Your ownership of a bullion coin is almost never reported to, or known by, the government unless and until you sell the coin for a capital gain or loss and you report it yourself on your tax return. No matter what the fast-talking salesmen say, sellers of numismatic or semi-numismatic coins have the same obligation bullion sellers do to report gains "voluntarily" on their tax returns, so there are no meaningful tax or privacy advantages to such high-premium coins under current law. (Long-term capital gains are taxed at the same 28% "collectibles" rate.)
There aren't too many forms of silver that rare coin dealers can make significant money on (they generally focus on gold coins). But, of silver items, Morgan Silver Dollars are their favorite – paralleled only by hyped up "collectibles" like American Silver Eagle Proof Coins.
Chinese Counterfeiters Are Getting into the Action Too
And if the reasons above weren't bad enough, the news of Chinese-produced counterfeit Morgan Dollars has further tainted the market for these coins. These knock-offs have emerged in recent years and are so well produced that many have made their way onto the US coins marketplace and may be offered for sale by unscrupulous or simply naive coin dealers.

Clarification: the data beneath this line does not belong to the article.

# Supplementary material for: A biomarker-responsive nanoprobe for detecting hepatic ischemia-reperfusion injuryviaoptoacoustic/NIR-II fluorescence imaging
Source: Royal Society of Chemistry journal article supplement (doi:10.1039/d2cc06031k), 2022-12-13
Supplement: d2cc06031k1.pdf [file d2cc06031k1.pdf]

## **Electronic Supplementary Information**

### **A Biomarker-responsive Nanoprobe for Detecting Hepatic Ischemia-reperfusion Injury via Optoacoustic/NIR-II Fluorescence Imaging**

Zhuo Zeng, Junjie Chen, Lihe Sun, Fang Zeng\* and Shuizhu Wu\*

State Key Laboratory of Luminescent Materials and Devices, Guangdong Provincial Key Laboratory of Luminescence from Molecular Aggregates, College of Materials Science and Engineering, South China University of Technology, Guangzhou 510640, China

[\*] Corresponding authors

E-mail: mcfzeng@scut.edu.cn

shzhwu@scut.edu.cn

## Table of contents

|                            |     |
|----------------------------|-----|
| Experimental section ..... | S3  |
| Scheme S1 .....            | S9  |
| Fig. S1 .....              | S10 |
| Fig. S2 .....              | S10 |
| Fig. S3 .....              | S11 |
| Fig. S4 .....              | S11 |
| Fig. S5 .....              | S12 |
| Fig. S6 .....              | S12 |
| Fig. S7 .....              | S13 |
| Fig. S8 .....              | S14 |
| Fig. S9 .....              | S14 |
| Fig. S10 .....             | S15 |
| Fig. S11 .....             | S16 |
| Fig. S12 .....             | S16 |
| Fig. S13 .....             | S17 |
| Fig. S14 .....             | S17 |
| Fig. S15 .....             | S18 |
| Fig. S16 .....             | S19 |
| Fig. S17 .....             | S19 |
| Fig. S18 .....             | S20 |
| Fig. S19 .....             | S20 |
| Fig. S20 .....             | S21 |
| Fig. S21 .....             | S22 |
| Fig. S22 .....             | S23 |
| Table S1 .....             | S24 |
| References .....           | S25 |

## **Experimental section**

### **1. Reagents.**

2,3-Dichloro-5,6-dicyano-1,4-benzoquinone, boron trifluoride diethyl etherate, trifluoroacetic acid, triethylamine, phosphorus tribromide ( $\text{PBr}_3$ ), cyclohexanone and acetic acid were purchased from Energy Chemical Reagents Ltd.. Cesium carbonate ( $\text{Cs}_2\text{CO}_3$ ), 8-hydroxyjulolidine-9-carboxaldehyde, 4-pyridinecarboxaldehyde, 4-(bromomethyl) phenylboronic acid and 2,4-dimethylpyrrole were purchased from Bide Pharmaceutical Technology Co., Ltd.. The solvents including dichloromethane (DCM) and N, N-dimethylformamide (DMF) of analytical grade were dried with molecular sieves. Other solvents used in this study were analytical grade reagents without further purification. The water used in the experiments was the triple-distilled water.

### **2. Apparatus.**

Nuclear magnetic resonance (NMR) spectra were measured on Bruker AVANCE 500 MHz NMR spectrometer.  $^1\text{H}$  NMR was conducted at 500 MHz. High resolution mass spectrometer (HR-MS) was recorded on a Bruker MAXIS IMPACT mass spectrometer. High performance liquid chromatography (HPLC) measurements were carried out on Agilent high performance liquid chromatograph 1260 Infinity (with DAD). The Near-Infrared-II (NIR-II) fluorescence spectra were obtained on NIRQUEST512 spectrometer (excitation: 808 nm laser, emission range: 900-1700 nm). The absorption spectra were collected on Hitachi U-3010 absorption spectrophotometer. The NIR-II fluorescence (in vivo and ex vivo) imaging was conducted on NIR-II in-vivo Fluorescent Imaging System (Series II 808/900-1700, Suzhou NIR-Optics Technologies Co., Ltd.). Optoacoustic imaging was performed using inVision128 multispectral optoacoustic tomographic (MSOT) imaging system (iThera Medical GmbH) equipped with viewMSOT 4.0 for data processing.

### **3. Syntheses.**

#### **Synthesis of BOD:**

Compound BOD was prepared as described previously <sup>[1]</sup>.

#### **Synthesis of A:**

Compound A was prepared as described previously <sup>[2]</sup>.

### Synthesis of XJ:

Should You Buy Morgan Silver Dollars?
Bottom line: unless you are a collector at heart with money to throw around, or you have an affinity for these coins due to personal nostalgic reasons, we suggest you instead invest your money in bullion coins, rounds, and bars only – at prices close to their actual melt value.
About the Author:
Stefan Gleason is President of Money Metals Exchange, the company recently named "Best Overall Online Precious Metals Dealer" by Investopedia. A graduate of the University of Florida, Gleason is a seasoned business leader, investor, political strategist, and grassroots activist. Gleason has frequently appeared on national television networks such as CNN, FoxNews, and CNBC and in hundreds of publications such as the Wall Street Journal, TheStreet, and Seeking Alpha.